Question
(a) Show that $\dfrac{(pc)^2}{(mc^2)^2} = \gamma^2 -1$. This means that at large velocities $pc \gg mc^2$. (b) Is $E \approx pc$ when $\gamma = 30.0$, as for the astronaut discussed in the twin paradox?
Question by OpenStax is licensed under CC BY 4.0.
Final Answer
Please see the solution video.
Solution Video

# OpenStax College Physics Solution, Chapter 28, Problem 59 (Problems & Exercises) (4:47)

#### Sign up to view this solution video!

View sample solution
Video Transcript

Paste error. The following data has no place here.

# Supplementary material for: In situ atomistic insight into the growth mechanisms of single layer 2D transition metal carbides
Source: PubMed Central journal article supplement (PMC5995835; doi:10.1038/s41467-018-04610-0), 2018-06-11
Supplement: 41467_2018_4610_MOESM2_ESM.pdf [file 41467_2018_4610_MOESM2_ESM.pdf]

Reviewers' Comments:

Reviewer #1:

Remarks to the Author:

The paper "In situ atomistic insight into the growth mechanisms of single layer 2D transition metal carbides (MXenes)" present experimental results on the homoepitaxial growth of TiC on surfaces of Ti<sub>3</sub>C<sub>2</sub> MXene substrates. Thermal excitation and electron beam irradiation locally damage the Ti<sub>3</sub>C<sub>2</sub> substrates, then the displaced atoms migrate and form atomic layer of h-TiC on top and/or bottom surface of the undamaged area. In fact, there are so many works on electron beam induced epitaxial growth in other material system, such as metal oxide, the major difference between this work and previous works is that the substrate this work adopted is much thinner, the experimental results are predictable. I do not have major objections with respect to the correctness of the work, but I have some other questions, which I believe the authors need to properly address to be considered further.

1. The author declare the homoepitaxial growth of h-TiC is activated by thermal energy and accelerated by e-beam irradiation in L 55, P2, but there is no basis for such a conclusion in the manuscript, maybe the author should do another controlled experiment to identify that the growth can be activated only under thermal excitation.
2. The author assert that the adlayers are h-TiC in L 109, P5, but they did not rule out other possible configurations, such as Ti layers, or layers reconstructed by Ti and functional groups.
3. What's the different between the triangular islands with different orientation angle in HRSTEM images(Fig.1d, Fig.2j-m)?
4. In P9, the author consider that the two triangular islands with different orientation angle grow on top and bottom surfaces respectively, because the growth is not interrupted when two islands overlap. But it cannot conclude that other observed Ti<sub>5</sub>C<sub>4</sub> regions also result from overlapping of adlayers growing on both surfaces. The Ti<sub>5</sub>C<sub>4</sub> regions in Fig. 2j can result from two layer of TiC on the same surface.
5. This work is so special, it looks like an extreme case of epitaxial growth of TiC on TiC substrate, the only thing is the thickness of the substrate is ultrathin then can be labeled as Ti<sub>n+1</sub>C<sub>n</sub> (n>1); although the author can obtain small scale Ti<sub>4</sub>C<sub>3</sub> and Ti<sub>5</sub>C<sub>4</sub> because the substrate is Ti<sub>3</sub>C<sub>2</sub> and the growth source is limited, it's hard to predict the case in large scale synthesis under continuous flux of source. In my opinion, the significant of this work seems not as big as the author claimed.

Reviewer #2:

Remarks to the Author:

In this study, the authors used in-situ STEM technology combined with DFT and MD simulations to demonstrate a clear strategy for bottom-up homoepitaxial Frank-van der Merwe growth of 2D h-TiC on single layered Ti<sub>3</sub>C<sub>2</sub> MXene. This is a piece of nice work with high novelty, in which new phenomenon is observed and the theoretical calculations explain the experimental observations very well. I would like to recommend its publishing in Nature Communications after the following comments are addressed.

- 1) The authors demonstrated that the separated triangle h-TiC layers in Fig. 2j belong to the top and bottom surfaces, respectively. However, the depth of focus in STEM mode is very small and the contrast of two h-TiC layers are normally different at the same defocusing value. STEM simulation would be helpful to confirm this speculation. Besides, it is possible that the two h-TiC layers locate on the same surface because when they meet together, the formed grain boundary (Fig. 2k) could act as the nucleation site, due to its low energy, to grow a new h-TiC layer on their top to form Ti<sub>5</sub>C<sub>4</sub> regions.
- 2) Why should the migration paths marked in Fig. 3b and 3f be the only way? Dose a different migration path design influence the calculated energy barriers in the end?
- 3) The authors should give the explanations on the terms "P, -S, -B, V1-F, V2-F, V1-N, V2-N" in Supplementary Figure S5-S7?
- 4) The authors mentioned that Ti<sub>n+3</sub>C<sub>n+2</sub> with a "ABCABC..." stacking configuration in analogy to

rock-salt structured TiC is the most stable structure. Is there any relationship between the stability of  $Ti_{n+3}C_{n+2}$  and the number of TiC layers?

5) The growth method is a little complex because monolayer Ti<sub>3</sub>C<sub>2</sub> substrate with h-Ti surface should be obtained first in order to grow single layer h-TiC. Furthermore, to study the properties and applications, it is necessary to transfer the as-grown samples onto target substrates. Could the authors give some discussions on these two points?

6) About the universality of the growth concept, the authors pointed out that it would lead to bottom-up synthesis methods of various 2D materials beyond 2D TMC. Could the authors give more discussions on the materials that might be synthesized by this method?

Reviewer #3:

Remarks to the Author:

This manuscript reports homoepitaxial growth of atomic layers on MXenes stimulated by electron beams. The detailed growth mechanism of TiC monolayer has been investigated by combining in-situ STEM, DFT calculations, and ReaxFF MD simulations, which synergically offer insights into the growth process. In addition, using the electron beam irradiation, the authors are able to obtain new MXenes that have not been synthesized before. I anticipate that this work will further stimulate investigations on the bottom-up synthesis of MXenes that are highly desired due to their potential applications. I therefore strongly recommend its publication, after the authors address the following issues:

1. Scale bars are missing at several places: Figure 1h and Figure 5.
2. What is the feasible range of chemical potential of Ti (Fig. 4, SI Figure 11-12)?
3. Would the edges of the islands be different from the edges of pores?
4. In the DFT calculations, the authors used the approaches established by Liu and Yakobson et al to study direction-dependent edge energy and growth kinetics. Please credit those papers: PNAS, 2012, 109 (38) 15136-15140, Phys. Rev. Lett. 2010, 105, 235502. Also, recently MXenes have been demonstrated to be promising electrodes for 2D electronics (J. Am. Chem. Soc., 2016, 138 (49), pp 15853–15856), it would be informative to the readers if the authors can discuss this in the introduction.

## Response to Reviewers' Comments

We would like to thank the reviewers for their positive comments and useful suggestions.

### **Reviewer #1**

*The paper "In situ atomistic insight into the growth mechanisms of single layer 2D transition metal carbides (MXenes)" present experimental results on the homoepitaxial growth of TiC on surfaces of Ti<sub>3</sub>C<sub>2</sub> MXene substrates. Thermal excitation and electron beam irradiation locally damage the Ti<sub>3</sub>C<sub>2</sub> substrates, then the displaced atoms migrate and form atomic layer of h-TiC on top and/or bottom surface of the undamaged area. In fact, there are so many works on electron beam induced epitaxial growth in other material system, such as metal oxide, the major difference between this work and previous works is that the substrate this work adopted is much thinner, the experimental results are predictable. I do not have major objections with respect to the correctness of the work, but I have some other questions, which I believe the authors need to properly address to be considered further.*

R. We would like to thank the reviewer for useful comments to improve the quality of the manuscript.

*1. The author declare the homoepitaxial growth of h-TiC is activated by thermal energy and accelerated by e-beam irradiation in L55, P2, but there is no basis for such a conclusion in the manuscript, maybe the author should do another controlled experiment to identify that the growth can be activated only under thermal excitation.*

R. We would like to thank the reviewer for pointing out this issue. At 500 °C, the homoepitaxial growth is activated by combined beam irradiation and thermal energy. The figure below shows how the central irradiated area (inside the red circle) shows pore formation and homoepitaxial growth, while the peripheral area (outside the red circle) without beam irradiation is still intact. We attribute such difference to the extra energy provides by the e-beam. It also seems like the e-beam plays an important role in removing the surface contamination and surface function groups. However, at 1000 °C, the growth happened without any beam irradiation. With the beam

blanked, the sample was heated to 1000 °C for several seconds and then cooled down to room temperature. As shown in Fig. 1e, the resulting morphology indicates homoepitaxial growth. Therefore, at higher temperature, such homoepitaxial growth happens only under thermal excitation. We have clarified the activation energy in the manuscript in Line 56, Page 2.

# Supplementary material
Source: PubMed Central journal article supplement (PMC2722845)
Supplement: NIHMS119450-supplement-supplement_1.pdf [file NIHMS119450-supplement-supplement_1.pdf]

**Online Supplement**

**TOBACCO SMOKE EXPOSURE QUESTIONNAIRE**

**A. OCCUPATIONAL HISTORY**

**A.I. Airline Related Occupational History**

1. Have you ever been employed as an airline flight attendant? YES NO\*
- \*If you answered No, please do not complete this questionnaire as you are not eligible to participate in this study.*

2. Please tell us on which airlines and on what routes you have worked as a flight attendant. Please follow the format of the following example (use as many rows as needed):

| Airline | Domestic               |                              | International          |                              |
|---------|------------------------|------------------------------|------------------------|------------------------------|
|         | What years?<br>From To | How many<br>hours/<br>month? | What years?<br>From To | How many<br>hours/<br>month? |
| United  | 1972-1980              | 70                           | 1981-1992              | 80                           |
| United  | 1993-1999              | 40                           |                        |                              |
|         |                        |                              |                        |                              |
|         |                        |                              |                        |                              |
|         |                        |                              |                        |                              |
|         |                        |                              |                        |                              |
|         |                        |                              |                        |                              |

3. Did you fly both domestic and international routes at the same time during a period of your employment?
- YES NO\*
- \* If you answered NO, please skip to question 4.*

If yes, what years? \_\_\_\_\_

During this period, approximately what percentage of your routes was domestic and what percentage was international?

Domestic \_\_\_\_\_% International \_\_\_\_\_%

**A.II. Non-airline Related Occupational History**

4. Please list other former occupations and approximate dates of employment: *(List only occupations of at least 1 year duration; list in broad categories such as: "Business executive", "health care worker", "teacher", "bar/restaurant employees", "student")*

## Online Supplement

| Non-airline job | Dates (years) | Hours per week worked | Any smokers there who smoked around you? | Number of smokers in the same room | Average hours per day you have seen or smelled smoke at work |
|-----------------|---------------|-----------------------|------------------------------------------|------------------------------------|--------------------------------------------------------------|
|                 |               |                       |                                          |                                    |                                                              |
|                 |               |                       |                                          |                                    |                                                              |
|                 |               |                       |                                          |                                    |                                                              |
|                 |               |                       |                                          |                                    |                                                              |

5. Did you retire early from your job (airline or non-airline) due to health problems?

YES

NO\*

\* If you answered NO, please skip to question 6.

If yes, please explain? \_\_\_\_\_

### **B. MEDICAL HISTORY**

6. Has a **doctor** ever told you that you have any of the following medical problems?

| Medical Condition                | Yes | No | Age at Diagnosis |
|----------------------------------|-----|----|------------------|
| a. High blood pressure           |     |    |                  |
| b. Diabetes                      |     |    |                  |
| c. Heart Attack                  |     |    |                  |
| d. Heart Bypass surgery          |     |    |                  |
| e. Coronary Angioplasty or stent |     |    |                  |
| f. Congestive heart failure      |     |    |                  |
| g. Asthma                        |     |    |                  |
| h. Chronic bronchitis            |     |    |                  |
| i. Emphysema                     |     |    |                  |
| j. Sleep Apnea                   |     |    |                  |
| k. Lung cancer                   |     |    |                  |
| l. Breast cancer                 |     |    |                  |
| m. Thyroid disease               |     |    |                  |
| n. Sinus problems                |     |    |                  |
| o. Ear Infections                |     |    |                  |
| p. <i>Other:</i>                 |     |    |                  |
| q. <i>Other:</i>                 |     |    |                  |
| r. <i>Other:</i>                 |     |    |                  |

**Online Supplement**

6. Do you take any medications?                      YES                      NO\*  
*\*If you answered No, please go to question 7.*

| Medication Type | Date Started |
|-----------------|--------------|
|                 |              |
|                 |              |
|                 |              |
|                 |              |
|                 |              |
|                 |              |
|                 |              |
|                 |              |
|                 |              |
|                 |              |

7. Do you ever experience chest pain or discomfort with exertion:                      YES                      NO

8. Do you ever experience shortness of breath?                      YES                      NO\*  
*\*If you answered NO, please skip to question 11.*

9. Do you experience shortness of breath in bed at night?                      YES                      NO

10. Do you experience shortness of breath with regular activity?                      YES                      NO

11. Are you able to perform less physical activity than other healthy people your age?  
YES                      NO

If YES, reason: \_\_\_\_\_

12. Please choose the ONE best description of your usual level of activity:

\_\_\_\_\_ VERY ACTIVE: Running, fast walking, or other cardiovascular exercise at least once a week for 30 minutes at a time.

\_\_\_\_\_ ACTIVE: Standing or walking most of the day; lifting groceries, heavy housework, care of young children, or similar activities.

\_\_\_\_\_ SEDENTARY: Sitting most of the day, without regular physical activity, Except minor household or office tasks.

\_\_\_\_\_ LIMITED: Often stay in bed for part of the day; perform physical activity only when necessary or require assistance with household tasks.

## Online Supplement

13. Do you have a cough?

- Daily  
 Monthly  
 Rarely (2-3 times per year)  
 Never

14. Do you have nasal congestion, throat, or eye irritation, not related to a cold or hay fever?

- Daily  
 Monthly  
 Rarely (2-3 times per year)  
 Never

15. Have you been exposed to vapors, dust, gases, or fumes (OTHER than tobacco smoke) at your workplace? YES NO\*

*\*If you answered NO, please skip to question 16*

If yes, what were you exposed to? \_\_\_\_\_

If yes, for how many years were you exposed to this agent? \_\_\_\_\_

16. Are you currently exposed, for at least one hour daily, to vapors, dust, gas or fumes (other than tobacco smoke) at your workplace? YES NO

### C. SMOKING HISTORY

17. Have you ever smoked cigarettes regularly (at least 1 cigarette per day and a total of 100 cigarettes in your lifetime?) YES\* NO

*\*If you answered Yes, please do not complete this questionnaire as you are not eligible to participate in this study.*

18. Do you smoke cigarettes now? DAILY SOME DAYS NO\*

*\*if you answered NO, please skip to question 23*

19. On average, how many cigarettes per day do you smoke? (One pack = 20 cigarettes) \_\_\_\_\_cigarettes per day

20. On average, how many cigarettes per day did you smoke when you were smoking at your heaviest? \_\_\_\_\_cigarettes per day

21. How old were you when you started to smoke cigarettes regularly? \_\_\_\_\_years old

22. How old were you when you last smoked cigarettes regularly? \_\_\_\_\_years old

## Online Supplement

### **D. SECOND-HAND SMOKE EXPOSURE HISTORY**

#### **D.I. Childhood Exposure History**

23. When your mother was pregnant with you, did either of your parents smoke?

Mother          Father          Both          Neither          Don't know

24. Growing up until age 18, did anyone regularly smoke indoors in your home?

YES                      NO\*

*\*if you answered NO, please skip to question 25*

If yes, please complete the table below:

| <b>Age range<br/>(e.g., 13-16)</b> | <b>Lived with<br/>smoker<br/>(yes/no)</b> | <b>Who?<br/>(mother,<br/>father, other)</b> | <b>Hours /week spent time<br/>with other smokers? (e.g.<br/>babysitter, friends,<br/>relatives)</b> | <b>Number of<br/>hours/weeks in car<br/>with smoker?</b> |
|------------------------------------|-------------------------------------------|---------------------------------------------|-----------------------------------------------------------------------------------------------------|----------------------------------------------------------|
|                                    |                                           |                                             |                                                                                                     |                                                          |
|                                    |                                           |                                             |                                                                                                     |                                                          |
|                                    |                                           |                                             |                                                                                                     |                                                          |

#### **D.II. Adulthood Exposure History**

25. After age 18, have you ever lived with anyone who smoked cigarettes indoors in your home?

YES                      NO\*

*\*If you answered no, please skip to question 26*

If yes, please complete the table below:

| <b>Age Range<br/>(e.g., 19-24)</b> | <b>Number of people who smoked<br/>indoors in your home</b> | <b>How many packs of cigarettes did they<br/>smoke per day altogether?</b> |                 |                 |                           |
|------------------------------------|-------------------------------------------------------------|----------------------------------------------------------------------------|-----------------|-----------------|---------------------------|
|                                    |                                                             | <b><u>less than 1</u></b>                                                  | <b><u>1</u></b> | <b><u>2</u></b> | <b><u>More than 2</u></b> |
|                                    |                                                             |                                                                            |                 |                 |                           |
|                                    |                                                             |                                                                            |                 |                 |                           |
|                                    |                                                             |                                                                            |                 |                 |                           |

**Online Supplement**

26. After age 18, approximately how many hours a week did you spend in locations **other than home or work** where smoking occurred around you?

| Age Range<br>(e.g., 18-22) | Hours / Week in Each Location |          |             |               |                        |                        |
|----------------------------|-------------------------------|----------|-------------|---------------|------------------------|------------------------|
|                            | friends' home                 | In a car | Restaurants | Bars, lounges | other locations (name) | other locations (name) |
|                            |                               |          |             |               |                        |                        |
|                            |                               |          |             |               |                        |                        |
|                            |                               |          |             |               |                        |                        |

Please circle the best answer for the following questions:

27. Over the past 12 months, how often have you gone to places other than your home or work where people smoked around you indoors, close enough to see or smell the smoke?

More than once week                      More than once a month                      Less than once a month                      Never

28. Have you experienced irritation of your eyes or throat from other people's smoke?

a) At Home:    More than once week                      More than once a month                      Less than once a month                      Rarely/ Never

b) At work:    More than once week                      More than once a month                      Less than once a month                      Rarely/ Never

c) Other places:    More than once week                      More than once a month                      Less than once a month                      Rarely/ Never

This is College Physics Answers with Shaun Dychko. We are going to show that momentum times speed of light squared divided by mass times speed of light squared, all squared is going to equal the Lorentz factor, gamma, squared minus 1. So we have an expression here for the total energy of a particle squared equals <i>pc</i> squared plus <i>mc</i> squared squared and this looks like a good thing to use since it has a lot of terms in it that are look the same as what we are working with here; this <i>pc</i> squared term shows up and this <i>mc</i> squared squared term shows up here. So we just start with that and then we'll find another expression for it, in terms of gamma, by looking at this which is to say that total energy is Lorentz factor times <i>mc</i> squared. And then the reason I squared it, on both sides, is so that we create factors that resemble what we are working with here. So by squaring both sides of this, we end up with energy squared equals gamma squared times <i>mc</i> squared squared. So we set this equal to <i>E</i> squared here. And now we can divide both sides by <i>mc</i> squared squared and then that turns this into a 1 and we have this fraction plus 1 equals gamma squared and then subtract 1 from both sides and we are done. We have shown that <i>pc</i> squared over <i>mc</i> squared squared equals gamma squared minus 1. Then in part (b), we are asked is energy approximately equal to momentum times speed of light, when gamma is 30? And so, in other words, is the total energy just a function of momentum and the rest energy can be ignored? This is rest energy in here and it's squared and when it reaches some high speed, this rest energy will be small in comparison to the momentum momentum times speed of light squared. OK. So we know this formula for total energy squared and that's given to us in the textbook and then we can substitute for <i>mc</i> squared squared with this expression which contains <i>pc</i> in it and it's useful to do this substitution because we want to equate energy approximately to <i>pc</i> so on the right hand side, we wanna have just those variables, momentum and speed of light, if we can. And gamma is fine because we are told gamma is 30 and this expression came from a rearrangement of this here because if you multiply both sides by this denominator and then divide both sides by this bracket, you will end up with this expression. So <i>mc</i> squared squared equals <i>pc</i> all squared over gamma squared minus 1. So we substitute this in place of <i>mc</i> squared squared here and that's why I have written this in red. So then we factor out the <i>pc</i> squared from both terms here and we have energy squared then is <i>pc</i> squared times bracket 1 plus 1 over gamma squared minus 1. And then we can take the square root of both sides and then we have energy equals <i>pc</i> times this square root here—1 plus 1 over gamma squared minus 1. Now, if we can show that the square root is approximately 1 then we will have shown that <i>E</i> bascially equals <i>pc</i>. So let's substitute in the number 30 for gamma and we have <i>E</i> equals <i>pc</i> times square root 1 plus 1 over 30 squared minus 1 and we end up with square root of 1 plus 0.00111 and the square root of 1.00111 is 1.0006. And so this is approximately 1 to 4 significant figures and so we can say, yes, when gamma is 30 the energy approximately is the same as the product of momentum and the speed of light.